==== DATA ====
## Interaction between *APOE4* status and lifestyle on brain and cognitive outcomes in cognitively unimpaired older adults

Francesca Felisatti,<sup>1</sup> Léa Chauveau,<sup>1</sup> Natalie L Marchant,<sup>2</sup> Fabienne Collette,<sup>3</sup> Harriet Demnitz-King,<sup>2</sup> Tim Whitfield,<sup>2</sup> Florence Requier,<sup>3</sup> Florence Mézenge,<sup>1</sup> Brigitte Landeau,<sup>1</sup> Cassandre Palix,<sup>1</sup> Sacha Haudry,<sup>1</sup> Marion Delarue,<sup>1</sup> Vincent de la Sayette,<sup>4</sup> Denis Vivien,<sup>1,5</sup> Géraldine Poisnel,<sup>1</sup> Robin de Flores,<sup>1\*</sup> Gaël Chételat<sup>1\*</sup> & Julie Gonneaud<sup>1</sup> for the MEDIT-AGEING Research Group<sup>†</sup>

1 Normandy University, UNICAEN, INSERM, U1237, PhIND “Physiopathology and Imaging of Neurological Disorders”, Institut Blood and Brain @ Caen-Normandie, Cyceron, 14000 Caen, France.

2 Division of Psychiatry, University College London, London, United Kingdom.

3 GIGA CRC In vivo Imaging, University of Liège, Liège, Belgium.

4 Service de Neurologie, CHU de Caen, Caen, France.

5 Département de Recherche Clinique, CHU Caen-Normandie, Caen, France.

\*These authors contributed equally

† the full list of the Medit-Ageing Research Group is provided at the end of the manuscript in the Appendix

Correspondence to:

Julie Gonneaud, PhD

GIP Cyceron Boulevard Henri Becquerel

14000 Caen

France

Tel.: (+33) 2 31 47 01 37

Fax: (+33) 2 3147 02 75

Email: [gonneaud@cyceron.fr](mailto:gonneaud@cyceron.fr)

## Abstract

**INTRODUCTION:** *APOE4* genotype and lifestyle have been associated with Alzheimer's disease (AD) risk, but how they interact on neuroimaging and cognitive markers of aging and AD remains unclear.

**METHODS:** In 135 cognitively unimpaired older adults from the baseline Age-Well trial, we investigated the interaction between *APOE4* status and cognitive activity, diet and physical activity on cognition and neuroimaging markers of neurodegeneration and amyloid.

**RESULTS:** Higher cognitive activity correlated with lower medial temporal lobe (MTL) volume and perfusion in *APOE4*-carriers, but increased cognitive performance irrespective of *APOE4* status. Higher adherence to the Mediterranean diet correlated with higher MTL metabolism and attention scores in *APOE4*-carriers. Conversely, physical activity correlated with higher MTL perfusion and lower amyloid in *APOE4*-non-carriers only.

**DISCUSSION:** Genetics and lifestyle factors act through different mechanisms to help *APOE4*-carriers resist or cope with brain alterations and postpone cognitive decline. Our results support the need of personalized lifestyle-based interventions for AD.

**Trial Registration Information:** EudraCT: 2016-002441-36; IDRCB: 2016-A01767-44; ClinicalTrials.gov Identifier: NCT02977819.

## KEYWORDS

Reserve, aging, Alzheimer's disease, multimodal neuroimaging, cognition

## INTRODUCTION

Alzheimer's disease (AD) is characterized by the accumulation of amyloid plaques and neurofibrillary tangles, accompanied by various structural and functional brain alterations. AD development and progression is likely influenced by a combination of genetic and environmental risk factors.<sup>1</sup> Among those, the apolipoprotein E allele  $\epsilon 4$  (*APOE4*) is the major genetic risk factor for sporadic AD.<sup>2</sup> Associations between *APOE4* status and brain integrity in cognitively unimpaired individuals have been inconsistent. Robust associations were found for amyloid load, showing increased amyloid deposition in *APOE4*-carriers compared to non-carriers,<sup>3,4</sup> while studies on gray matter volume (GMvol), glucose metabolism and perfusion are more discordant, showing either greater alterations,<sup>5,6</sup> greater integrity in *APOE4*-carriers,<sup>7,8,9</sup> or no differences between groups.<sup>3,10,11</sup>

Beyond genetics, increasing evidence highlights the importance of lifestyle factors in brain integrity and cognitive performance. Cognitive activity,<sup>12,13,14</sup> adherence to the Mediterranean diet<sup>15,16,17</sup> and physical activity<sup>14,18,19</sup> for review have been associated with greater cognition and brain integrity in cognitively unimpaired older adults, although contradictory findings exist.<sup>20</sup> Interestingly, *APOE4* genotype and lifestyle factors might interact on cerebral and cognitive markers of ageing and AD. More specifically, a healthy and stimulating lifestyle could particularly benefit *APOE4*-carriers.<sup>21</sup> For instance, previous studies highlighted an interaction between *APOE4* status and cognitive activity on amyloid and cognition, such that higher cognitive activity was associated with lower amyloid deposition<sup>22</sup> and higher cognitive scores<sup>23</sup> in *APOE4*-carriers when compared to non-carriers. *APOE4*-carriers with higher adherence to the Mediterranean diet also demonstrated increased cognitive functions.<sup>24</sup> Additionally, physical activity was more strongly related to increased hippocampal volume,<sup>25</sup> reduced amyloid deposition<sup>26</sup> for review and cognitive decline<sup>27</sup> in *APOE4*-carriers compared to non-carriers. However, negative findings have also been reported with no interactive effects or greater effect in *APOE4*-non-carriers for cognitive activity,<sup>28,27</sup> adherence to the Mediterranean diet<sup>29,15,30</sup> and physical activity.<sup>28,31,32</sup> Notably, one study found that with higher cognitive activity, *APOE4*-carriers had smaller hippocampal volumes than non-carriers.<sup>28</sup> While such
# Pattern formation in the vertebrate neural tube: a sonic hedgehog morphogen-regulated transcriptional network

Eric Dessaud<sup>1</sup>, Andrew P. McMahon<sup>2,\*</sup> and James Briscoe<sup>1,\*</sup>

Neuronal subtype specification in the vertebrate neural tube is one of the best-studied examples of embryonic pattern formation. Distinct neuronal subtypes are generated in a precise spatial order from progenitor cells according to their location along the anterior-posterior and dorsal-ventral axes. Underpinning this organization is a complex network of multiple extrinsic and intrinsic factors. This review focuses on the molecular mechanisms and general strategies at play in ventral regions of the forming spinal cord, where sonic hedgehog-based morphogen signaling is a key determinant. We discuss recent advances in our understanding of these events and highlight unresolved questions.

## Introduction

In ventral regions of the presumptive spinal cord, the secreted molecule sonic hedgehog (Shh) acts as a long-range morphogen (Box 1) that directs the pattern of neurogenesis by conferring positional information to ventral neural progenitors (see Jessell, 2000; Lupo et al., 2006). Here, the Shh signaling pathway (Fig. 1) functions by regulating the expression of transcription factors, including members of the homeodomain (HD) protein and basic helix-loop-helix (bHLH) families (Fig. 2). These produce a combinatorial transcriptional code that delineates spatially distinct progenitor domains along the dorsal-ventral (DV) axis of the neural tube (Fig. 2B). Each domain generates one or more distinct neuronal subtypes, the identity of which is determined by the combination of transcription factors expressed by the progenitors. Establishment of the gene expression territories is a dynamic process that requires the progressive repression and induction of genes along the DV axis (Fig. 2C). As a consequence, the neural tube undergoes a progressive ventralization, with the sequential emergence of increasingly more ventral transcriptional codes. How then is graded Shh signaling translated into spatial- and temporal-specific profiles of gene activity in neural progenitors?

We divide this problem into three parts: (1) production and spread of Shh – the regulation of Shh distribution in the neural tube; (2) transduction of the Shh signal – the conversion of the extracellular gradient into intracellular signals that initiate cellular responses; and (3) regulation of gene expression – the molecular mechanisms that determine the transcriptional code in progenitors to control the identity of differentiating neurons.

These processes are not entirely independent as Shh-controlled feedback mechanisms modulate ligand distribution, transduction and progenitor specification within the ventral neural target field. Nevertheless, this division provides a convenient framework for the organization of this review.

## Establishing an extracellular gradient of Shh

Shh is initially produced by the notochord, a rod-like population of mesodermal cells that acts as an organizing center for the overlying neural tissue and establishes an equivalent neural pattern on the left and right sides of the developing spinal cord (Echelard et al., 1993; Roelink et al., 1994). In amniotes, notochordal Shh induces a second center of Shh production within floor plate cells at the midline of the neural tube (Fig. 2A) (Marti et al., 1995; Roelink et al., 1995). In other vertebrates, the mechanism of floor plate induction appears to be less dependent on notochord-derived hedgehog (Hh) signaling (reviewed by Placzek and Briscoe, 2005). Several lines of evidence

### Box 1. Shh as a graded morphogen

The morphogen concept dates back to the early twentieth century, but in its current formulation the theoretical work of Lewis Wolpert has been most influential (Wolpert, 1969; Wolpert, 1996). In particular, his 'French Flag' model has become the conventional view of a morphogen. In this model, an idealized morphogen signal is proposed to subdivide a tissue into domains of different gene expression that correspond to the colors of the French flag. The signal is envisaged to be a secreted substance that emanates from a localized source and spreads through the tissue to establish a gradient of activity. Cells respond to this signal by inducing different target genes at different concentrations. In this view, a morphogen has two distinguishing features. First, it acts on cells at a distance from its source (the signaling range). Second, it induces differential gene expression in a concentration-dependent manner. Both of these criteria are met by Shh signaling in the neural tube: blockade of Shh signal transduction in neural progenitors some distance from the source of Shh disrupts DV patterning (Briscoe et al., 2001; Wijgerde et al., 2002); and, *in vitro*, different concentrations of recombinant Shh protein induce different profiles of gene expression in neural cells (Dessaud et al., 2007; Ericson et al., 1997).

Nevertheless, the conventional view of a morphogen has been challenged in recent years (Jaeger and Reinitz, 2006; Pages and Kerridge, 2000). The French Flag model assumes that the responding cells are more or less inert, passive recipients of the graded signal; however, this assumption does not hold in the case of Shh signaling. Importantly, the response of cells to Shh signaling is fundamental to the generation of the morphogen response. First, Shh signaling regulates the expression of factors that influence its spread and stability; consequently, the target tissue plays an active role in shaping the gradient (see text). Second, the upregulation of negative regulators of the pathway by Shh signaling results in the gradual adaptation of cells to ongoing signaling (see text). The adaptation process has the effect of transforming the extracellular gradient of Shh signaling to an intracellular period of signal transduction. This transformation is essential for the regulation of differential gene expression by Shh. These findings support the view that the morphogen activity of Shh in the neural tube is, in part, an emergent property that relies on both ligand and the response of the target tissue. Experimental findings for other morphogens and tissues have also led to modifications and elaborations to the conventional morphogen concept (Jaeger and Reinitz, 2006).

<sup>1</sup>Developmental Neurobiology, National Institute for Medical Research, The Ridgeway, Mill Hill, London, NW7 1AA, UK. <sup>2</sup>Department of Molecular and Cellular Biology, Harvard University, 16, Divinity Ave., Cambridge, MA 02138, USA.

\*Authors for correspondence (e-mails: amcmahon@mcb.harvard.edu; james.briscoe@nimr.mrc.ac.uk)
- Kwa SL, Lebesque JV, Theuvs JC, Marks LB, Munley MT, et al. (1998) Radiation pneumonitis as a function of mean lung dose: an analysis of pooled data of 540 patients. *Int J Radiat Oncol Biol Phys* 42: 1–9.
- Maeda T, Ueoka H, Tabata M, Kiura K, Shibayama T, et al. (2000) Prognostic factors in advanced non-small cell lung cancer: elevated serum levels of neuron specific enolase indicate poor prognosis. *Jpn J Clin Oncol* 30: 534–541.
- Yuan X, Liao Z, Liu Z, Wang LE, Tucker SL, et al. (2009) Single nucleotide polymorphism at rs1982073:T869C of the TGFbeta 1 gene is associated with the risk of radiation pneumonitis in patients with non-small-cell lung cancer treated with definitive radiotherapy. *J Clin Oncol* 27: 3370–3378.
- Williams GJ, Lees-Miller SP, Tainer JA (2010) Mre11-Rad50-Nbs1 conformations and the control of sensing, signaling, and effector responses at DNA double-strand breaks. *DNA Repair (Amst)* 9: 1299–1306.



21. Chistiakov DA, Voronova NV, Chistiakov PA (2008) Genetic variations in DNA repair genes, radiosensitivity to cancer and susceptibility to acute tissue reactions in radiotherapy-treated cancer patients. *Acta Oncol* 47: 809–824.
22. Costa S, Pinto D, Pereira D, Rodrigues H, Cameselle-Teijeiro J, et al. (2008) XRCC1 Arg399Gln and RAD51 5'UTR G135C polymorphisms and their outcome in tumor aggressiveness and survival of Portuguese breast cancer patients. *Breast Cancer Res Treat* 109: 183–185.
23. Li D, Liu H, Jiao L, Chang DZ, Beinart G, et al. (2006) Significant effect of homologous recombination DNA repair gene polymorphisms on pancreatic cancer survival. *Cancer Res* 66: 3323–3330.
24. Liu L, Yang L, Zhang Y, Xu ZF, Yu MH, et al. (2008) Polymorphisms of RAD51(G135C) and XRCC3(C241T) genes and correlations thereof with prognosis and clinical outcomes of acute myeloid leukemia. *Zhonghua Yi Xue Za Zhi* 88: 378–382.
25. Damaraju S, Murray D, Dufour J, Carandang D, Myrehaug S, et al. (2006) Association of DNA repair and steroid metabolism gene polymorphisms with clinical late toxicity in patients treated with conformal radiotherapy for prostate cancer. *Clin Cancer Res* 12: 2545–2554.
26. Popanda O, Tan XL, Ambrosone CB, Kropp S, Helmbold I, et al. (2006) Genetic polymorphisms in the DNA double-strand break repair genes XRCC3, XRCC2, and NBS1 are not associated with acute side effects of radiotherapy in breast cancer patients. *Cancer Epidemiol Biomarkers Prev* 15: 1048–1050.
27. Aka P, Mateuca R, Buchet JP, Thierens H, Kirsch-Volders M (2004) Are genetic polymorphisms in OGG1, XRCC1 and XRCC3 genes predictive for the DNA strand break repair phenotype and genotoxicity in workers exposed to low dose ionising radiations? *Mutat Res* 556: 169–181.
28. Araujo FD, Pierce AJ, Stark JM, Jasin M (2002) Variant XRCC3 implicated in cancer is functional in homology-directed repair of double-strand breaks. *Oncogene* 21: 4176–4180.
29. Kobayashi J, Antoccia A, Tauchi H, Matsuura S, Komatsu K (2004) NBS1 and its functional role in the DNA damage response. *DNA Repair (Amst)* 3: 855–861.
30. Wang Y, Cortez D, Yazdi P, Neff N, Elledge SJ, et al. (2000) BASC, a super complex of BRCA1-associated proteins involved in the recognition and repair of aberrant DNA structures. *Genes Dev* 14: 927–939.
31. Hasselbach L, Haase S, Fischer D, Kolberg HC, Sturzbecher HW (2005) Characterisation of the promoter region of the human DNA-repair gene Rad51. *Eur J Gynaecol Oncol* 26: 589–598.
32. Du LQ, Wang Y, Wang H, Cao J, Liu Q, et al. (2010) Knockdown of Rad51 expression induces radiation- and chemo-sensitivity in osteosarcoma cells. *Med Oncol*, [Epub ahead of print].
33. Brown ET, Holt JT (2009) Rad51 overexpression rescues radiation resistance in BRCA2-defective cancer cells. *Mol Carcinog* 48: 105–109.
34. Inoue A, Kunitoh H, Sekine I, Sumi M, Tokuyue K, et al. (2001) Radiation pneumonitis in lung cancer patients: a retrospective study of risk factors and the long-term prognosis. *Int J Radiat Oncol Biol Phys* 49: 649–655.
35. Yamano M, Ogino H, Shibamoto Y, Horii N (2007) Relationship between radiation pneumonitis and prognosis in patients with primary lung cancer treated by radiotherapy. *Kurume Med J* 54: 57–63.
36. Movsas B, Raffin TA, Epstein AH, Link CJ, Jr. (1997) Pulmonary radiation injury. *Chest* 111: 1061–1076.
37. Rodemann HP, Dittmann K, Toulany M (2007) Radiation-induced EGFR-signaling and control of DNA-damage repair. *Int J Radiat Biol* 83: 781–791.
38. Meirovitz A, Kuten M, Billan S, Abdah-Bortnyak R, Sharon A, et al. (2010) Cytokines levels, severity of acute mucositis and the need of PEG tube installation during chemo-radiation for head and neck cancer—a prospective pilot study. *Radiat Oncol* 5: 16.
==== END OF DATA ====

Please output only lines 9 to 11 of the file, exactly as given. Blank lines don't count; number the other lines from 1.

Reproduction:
† the full list of the Medit-Ageing Research Group is provided at the end of the manuscript in the Appendix

Correspondence to:

Julie Gonneaud, PhD